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About madstitcher101

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    Salisbury Hill
  1. We went to see the school on Wednesday and we were really impressed with it. It felt right. We would have no hesitation in moving our daughter there but we have a bit of a dilemma with our son. The problem is that he seems to be settled in at his present school and we are worried that if he is moved that we will be back to square one with him, that he may not settle down there. I have got in touch with Autism Outreach and hopefully they can advise us on this.
  2. My daughter was being bullied at her present school (still is as she is still reporting to us about incidents happening). We believe that it had been going on for a long time and it got so bad that she was freaking out about going into school every day. Even now she's not happy and doesn't want to be there. The school itself has gone from being a satisfactory school to one needing improvement. We have been thinking very seriously about moving her to a different and hopefully better school. Trouble is, we are going to have to move her younger brother too. He is in year 1 and he has high-functioning autism. He has started to settle a bit now into year 1, although we have been having a few problems with him not wanting to go into school but we think that he was/is picking up this from his sister's reluctance to go into school. We can't just move the one child and commute between two different schools, it would be impossible especially as both of them have to come home for lunch so I know they are having something to eat. My husband is worried that if we move him to a new school it may set him back, that he may not want to go and his behaviour will get worse (if that is possible). I share his fears about this but at the same time I feel that my daughter needs to be happy at school, she used to love school but she hates it now. She is a very sensitive child who worries and gets anxious about anything and everything. I still believe that she is on the spectrum but we have to wait and see about that as she is having appointments for therapeutic play which we are hoping will highlight something. There is a school which has places in both years and we are going to go and have a look at it and a chat with the head about the children. Any advice would be greatly appreciated.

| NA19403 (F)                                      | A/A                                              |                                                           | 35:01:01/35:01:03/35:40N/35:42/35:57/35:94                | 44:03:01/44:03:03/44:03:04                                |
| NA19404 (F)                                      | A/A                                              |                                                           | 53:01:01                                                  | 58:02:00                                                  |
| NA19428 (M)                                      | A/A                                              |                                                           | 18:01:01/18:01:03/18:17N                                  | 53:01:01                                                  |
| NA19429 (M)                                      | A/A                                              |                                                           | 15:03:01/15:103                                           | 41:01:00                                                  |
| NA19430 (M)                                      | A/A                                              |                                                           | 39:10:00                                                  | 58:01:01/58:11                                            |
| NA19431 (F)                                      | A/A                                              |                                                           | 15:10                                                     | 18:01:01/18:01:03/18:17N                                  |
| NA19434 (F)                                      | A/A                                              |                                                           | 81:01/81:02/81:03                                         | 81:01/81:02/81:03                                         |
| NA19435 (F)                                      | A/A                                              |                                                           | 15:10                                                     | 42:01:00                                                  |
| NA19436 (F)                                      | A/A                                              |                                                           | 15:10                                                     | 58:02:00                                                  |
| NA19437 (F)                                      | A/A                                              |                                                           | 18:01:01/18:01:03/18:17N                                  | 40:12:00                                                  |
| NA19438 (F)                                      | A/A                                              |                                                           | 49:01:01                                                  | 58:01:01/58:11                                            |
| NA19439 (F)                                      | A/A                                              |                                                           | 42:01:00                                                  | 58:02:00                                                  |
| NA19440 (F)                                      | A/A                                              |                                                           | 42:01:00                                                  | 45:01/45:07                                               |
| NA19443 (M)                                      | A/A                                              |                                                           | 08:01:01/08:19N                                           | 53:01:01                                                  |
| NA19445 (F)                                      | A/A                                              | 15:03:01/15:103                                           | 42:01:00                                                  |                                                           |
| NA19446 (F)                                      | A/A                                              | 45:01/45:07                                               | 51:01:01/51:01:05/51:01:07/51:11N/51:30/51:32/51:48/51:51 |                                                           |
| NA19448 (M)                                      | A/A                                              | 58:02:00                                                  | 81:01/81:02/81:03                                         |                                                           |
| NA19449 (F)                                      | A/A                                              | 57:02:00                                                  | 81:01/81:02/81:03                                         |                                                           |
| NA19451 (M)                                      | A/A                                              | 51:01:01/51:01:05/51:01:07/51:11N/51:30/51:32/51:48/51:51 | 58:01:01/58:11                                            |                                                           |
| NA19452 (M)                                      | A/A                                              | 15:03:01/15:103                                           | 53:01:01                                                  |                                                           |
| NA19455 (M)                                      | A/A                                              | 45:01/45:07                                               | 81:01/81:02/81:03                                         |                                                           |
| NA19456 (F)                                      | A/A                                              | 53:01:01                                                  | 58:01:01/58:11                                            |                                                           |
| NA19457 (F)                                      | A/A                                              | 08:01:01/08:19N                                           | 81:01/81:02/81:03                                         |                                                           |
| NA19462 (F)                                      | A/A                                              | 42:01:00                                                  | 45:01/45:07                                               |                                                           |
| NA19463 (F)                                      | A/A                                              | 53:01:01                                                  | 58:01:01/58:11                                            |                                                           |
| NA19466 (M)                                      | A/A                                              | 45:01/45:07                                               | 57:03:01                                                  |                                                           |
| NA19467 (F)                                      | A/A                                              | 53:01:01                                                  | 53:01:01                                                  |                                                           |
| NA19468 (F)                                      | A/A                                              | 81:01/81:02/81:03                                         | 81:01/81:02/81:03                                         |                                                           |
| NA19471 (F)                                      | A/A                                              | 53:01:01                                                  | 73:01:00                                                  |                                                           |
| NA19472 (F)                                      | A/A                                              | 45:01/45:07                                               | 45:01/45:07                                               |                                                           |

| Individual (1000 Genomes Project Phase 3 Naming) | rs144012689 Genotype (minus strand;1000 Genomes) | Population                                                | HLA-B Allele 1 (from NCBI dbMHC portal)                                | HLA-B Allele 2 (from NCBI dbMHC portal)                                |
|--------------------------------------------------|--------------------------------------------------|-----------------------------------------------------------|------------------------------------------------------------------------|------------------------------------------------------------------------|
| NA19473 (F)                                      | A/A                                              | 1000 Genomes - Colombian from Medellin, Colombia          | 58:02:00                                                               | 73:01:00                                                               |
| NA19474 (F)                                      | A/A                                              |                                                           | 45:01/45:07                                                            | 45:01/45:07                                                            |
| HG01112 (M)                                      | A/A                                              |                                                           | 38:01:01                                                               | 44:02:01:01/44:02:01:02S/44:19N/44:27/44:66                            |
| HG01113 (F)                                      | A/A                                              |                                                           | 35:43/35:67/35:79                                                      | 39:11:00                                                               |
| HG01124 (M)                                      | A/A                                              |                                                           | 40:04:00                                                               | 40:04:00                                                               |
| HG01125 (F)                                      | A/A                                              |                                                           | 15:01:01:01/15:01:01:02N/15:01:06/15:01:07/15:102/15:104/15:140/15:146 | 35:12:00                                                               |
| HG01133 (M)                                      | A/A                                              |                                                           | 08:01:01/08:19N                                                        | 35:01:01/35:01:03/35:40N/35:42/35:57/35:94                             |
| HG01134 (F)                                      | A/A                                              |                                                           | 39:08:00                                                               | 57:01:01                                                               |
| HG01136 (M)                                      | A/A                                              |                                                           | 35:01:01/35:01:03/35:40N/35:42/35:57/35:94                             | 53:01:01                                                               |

3. Thanks for your replies. Justine1, camhs have already said to us that they don't believe that Emma has ASD, so it will be interesting to see what they say at this appointment. I firmly believe they are wrong and I believe that she is on the autistic spectrum, not as severe as her brother but I'm certain of it.
  4. Has anyone's child been to one of these Therapeutic Play Sessions? Just had an appointment come through the post for my daughter, Emma, to attend and I wanted to know what exactly it was and is it beneficial for Emma? What do they do at these sessions and how long do they go on for?
  5. Emma's stories usually are about princesses which is favourite subject. Sometimes she will write the story of one of her favourite dvds at the time. For example she rewrote the story of Shrek, but she didn't change the plot or anything. She wrote the story as she'd seen it on the dvd. She has an obsession with girls names and boys names and is constantly asking is so and so a girls name. She likes to play games that involve her being a character off a tv programme that she likes. For example she will play the Winx Club, or Princesses, Shrek, just to name a few. She is happy to chase around after her friends. But they know how sensitive she is and sometimes, actually a lot of times, they will be mean to her and she will burst into tears. It makes her such an easy target for bullies and there is a girl at that school who does pick on her. Trouble is this particular girl can do no wrong in the eyes of the teachers and head teacher.
  6. Matthew is just the same when it comes to hearing. If he is engrossed in something, either watching the tv or in the middle of a game, he doesn't tend to hear me and I could be there a while repeating his name over and over until he suddenly stops and turns to me. Sometimes I have to wait a couple of minutes until he answers me, so at first it appears that he hasn't heard me or is ignoring me, but he just has to have time to process the question or information I have given him. I have problems with my hearing sometimes and I don't have a hearing problem. My ears tend to focus on the louder noise, so if I'm watching tv and, say my husband is eating a packet of crisps, I will have trouble hearing the tv because my ears can only hear the crisps crunching and the packet making a noise. It's very annoying and I end up telling him off!! Emma had her ears tested and there were no problems. Same with Matthew. He has sensitive hearing and loud noises tend to scare him, especially if he can't see where the noise is coming from. He still won't tolerate the vacuum cleaner, even the sight of it will send him into freaked out mode.
  7. They aren't saying what is the trigger for her anxiety. In the letter it says that they are going to do a referral to see a Senior Occupational Therapist for therapeutic play. CAMHS have also spoken with Autism Outreach who are already supporting us with Matthew and they have agreed to support us with Emma and help normalise some of her behaviours. When Emma plays she does tend to be quite babyish in her games, if you know what I mean. The doctor also mentioned this to me as we were just finishing our last appointment and was leaving.